No, you don't. I only recently purchased a macro lens because I primarily shoot landscape photos and having a macro lens wasn't a huge priority for me. A good zoom lens (I use a 70-200) does an excellent job on flower shots. Take a little time experimenting with it, but you can use a low f-stop and get a beautiful, in focus, close up shot of a flower with a nice blurry background like this:
Judi sent in this question:
I have issues trying to shoot macro pics of flowers and such. Do I hold my camera close to the object or farther away and zoom? Neither seems to work consistently. Is it normal to have to try both ways?
I'd need to know what lens you're shooting with to answer this question. Some macro lenses are designed for you to be a little further away so you can take the shot (perhaps of an insect) without being as close to it. As an example, this is helpful it you don't want to scare that bee (or whatever) off the flower your photographing. Without having details, I would suggest you spend a lot of time practicing with the lens to see what works best. And yes, what works best will depend on your subject, settings and lighting.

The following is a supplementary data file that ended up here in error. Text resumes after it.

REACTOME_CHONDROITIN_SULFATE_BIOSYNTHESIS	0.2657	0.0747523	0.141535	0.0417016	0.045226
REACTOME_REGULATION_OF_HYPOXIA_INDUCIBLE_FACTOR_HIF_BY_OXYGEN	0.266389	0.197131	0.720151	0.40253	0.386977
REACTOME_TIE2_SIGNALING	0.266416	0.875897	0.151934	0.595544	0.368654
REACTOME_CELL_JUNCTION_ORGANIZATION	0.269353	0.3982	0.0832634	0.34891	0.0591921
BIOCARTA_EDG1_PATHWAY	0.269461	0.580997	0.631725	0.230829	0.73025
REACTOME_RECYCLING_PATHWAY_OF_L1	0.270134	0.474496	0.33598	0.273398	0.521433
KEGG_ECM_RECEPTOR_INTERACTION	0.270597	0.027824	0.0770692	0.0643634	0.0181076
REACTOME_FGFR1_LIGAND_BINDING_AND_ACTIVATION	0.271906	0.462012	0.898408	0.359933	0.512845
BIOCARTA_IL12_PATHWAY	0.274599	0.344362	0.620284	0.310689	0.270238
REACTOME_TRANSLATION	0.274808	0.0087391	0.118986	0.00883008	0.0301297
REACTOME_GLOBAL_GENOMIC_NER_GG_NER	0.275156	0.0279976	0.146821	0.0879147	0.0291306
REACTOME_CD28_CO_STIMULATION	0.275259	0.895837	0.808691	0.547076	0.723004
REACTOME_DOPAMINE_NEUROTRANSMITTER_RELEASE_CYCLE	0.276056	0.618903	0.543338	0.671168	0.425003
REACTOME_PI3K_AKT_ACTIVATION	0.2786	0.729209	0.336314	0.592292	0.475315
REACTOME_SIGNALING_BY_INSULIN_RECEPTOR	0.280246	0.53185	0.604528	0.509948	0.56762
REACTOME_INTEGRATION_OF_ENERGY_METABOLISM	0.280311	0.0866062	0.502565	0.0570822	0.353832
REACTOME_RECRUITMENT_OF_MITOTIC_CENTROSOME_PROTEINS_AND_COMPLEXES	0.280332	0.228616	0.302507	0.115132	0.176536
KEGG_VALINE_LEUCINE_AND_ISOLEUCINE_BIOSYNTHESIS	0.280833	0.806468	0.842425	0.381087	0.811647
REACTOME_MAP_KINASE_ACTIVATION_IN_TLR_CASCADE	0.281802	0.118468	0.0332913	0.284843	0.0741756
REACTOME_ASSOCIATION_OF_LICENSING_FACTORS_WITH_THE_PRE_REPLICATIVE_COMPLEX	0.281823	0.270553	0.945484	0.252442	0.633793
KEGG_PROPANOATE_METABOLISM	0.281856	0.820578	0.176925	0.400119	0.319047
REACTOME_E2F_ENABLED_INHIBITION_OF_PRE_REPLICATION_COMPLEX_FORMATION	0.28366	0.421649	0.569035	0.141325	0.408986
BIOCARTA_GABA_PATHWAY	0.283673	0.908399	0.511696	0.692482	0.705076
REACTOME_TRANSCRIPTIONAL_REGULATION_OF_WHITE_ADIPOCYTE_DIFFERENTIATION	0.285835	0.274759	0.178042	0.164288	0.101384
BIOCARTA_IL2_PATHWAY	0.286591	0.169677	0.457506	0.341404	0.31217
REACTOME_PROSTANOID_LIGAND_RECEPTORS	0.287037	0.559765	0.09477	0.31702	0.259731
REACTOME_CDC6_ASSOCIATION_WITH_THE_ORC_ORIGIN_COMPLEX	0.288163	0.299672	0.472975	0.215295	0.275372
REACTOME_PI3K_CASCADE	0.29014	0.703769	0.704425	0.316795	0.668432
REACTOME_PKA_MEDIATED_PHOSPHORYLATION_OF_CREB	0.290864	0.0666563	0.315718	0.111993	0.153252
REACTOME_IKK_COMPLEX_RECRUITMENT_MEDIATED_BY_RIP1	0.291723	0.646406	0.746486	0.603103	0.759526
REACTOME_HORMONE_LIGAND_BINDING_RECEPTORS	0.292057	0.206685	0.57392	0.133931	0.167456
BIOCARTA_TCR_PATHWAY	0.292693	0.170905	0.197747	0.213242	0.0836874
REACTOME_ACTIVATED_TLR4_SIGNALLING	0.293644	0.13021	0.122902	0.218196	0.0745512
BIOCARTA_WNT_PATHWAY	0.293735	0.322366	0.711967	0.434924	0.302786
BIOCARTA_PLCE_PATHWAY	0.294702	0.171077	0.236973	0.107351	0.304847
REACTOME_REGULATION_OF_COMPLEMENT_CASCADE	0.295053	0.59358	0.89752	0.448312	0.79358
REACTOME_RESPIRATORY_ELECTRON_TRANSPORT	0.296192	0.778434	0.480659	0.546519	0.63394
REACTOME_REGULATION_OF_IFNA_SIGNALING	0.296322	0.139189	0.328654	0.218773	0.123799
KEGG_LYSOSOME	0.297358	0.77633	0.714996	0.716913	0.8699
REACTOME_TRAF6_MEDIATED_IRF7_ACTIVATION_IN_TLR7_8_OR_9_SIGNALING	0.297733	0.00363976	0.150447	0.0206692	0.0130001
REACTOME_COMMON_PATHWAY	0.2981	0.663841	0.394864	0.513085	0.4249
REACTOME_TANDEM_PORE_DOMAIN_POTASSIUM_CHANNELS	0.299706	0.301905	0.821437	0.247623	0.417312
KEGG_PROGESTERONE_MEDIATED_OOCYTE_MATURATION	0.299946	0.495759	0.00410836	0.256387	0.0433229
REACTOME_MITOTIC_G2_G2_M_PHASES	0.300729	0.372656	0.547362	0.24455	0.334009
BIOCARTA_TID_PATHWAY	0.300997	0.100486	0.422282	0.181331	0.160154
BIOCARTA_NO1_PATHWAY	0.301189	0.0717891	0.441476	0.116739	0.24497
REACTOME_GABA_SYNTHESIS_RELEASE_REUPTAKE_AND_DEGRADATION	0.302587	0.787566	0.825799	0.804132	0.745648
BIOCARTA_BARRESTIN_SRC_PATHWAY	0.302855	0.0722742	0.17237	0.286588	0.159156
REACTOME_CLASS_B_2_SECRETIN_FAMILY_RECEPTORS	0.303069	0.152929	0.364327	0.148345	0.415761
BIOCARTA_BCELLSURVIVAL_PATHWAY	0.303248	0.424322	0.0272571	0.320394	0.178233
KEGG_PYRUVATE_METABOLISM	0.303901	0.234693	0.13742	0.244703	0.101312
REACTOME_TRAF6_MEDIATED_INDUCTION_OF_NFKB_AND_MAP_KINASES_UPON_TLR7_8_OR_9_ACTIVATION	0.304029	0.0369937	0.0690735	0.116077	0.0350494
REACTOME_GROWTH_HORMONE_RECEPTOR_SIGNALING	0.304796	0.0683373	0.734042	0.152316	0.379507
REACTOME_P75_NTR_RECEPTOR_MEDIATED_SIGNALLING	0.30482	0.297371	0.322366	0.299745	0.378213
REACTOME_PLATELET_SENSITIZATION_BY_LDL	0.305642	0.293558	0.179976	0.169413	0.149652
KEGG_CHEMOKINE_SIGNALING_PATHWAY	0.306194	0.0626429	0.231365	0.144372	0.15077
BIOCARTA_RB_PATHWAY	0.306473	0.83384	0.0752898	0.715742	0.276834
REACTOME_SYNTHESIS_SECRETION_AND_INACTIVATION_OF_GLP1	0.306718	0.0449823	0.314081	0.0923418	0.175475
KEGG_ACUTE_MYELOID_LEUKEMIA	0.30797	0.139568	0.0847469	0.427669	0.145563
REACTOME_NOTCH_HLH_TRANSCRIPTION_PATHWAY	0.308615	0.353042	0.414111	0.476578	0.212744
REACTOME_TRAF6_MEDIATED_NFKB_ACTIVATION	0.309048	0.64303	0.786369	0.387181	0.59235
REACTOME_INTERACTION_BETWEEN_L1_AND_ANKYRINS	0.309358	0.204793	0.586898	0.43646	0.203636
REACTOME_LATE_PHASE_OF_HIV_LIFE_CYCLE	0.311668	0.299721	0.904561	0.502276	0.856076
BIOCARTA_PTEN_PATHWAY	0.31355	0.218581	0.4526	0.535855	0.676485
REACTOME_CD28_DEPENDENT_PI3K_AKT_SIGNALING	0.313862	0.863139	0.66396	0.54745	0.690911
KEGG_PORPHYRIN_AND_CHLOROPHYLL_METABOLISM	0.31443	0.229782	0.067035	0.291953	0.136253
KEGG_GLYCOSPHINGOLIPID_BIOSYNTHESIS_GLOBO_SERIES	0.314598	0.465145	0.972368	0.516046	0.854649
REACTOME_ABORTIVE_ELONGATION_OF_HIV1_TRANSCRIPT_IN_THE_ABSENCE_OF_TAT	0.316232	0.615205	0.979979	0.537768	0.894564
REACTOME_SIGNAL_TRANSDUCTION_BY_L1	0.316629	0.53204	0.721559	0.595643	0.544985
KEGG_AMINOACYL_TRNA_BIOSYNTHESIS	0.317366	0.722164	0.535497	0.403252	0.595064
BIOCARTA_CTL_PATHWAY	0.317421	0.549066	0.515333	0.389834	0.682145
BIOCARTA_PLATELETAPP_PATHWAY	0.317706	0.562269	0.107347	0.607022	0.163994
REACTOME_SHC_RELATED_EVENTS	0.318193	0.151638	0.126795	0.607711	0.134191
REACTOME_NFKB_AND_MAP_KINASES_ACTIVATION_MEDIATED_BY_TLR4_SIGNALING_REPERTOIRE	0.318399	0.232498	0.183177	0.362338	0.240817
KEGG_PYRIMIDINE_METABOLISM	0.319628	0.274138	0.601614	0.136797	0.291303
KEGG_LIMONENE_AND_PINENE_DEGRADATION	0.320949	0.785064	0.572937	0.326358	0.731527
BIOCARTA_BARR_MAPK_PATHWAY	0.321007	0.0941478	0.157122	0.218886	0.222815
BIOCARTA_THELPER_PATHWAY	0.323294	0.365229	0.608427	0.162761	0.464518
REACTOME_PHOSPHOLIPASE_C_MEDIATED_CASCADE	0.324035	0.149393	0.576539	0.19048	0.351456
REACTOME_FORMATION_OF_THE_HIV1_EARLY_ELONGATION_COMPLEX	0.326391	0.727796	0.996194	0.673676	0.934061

There are shelves and shelves of books written about photographing flowers. I hope we covered enough today to get you off to a good start photographing flowers. If you have questions or suggestions or tips, feel free to leave them in the comment section.
My friend Jan suggested I add in a link-up on Photography Fridays. Would others of you have the same interest?
Last of all, I'd like to remind you to step out of your comfort zone now and then. Traditional flower photography calls for a macro lens. Despite this, my favorite photo from The Flower Fields the other day was taken with my wide angle lens. I absolutely love this photo:
I'd love to see some of your flower shots. If you have some you're proud of, send them to me via email! Depending on how many I get, maybe we can showcase reader photos once every few weeks on Photography Friday.
© Twenty Four At Heart